Saturday, January 17, 2009
Snatching Wood, Part 2
I needed wood, so one Tuesday morning I finally broke down and called some guy who advertised in the paper. I ordered a half cord. He said he’d be over first thing Wednesday morning. He finally showed up Wednesday night after dinner. He had to back down the incline at the side of the house adjacent to the railroad tie stairs my dad built. He upended the bed of his truck and the wood roared out to form short, poorly executed teepee.
I wrote him a check. The cost was about half of what I had left in my savings. Because he was a nice family guy who seemed really busy with his new wood business, I didn’t notice when he explained the wood was freshly cut and ready for burning. Because it was dark I didn’t notice the green of the wood. A lot of it was also encrusted with snow, so it was damp. After he drove off I brought in a few armfuls of wood and dropped them in the greenhouse.
I started to lay a fire in the woodstove, trying to build the biggest and hottest fire I could to heat up the house. I started properly with lots of newspaper and kindling, and then I placed a couple of smaller logs, and one larger one on top. I lit the paper and waited for heat. The paper burned, and the kindling, but the logs wouldn’t catch. They were both too damp and too green. I had bought wood that wouldn’t burn.
I spent the next afternoon stacking the wood in a long flat-topped pyramid, running it along the side of the yard. I brought in the smaller logs that would fit in the stove, and took to chopping the larger logs that wouldn’t fit. I had been splitting logs for a few years. I enjoyed it and I would rather do it than watch my father, although he was fine at it. It was just hard to watch. (To this day I can’t watch someone using a knife or other sharp instrument). It was hard work and I worked up a good sweat. Maybe I could just split logs to keep warm.
I was sure that there was no way I would convince the guy who sold me the wood to come on back with his truck and take away this green cord and leave me a seasoned one. I was the sucker. I had laid out good money, and I had to learn from this mistake.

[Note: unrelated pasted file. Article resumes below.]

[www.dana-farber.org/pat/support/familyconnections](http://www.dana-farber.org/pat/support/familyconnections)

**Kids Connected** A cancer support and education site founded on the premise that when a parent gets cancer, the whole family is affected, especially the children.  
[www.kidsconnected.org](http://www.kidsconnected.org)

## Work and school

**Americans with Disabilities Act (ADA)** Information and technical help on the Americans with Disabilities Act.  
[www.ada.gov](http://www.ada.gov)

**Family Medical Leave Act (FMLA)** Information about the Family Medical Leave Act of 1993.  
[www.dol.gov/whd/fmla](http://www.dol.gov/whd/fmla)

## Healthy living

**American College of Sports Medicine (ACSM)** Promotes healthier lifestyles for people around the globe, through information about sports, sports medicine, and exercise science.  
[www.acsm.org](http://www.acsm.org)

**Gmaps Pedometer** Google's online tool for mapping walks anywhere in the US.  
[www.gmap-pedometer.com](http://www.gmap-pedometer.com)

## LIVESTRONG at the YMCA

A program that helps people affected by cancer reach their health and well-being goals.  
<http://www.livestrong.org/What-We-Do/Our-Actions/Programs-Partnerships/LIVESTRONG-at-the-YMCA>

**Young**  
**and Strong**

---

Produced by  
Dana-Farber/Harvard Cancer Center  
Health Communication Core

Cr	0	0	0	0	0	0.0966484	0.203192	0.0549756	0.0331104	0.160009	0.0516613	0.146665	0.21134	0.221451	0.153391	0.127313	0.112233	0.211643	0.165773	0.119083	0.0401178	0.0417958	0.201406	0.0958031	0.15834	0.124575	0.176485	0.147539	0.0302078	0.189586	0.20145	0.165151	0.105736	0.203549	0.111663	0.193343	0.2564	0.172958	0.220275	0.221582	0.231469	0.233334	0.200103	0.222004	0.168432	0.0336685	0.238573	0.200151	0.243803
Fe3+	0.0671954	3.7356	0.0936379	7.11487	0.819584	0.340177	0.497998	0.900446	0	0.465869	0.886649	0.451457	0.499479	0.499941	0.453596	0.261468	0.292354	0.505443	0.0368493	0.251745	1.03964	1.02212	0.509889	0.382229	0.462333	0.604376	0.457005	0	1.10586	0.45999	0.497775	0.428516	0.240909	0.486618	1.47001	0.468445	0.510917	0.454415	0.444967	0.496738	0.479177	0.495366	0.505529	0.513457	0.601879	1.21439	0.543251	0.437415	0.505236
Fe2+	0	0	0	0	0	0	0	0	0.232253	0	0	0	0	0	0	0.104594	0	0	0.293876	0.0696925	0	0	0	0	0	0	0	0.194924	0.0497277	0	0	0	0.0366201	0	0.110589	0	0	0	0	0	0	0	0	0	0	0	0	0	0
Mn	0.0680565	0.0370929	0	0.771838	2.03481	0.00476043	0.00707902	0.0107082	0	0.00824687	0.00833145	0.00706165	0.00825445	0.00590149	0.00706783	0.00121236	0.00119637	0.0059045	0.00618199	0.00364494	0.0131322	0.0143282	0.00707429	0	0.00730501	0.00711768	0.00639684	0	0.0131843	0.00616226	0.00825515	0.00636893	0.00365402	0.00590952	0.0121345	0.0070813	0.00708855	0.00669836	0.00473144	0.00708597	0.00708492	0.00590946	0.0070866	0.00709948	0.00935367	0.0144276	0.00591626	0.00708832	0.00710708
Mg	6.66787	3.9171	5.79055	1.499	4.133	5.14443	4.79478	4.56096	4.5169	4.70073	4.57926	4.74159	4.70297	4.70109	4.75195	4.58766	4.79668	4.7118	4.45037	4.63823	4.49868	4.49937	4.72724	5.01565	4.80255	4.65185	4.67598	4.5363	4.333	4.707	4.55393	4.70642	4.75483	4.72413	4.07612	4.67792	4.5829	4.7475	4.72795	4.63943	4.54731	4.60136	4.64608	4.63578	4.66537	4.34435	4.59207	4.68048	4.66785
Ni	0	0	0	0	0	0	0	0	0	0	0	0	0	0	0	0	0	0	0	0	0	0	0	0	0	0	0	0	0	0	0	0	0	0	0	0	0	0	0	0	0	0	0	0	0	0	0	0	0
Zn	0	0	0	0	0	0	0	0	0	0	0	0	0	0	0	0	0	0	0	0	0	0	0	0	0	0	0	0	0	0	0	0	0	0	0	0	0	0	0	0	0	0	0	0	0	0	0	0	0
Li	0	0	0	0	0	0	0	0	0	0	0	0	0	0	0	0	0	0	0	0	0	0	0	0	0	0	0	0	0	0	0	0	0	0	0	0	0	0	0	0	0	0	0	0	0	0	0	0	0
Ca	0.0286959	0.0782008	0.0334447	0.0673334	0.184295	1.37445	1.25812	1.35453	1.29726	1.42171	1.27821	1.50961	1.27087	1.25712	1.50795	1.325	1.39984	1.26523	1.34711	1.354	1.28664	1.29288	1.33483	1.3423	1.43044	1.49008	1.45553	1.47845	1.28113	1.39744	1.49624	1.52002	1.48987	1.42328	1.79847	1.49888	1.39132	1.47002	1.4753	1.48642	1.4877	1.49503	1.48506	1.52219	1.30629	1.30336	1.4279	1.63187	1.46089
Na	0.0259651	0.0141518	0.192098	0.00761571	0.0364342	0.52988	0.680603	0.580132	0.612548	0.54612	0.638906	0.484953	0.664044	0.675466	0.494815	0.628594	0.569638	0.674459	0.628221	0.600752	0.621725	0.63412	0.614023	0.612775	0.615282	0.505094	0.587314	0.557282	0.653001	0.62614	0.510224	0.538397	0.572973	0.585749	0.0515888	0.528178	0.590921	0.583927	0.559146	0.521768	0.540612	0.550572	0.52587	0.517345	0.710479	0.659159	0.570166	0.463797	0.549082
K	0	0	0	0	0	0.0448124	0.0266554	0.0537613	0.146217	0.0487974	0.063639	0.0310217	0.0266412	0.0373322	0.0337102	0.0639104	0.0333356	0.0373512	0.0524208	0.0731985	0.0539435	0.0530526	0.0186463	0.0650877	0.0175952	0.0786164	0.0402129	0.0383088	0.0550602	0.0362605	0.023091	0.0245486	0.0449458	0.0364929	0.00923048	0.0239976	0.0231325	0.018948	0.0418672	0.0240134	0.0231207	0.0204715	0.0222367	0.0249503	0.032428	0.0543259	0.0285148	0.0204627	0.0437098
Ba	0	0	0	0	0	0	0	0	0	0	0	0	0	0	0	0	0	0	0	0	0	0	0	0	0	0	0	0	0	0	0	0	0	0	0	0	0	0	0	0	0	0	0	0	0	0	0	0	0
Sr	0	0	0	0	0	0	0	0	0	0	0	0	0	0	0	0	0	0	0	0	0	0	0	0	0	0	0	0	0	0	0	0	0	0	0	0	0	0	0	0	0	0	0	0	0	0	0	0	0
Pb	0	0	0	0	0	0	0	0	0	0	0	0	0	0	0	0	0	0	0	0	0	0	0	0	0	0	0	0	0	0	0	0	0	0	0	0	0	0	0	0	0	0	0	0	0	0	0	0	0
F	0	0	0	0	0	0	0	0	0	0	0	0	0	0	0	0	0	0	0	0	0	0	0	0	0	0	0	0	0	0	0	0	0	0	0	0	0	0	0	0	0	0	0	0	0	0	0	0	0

A few days later my friend Jeff from school came to visit. It was my birthday and he didn’t want me to be alone. I told him, Come on down, I’ve got wood now. On his first night I tried to get a roaring fire going. I got a few logs to burn, but I wouldn’t call it a good fire and for the nights that he stayed it was freezing in the house. He slept in a sleeping bag on the floor by the stove. He didn’t mind.
After Jeff went home I continued work on the screenplay. On sunny days the house was always warm and I sat at the dining room table that I had moved to the middle of the living room, right in front of the stereo speakers. I listened to music all day while I wrote. I made coffee in the morning and drank Pepsi all afternoon. By mid-afternoon I was ready to get out of the house, so I’d take Muffy for a walk or drive her to the beach. With this schedule I finished a first draft of the screenplay by the end of March.
By the time the weather broke, the wood was actually in decent shape. It was still pretty green, but not fresh, so I found more and more logs that would keep a decent fire going. When my parents returned, it was mid-April and the snow was long thawed and the winds were warming. They thanked me for buying wood and apologized that they hadn’t left more wood for me.
I stuck around the house for a few more months finishing up the screenplay. On July 7th 1990 I struck out for Los Angeles in my ’79 Honda Prelude that I had bought from my brother-in-law for $700.00. A couple weeks later I hit southern California at the tail end of a heat wave. I remember driving across the Mojave Desert in plus hundred degree weather, windows down, hot wind whipping through the car, the frigid cold of a Cape Cod winter long past.
By October when my parents built their first fire of the season, the wood was perfect and lasted the rest of the winter.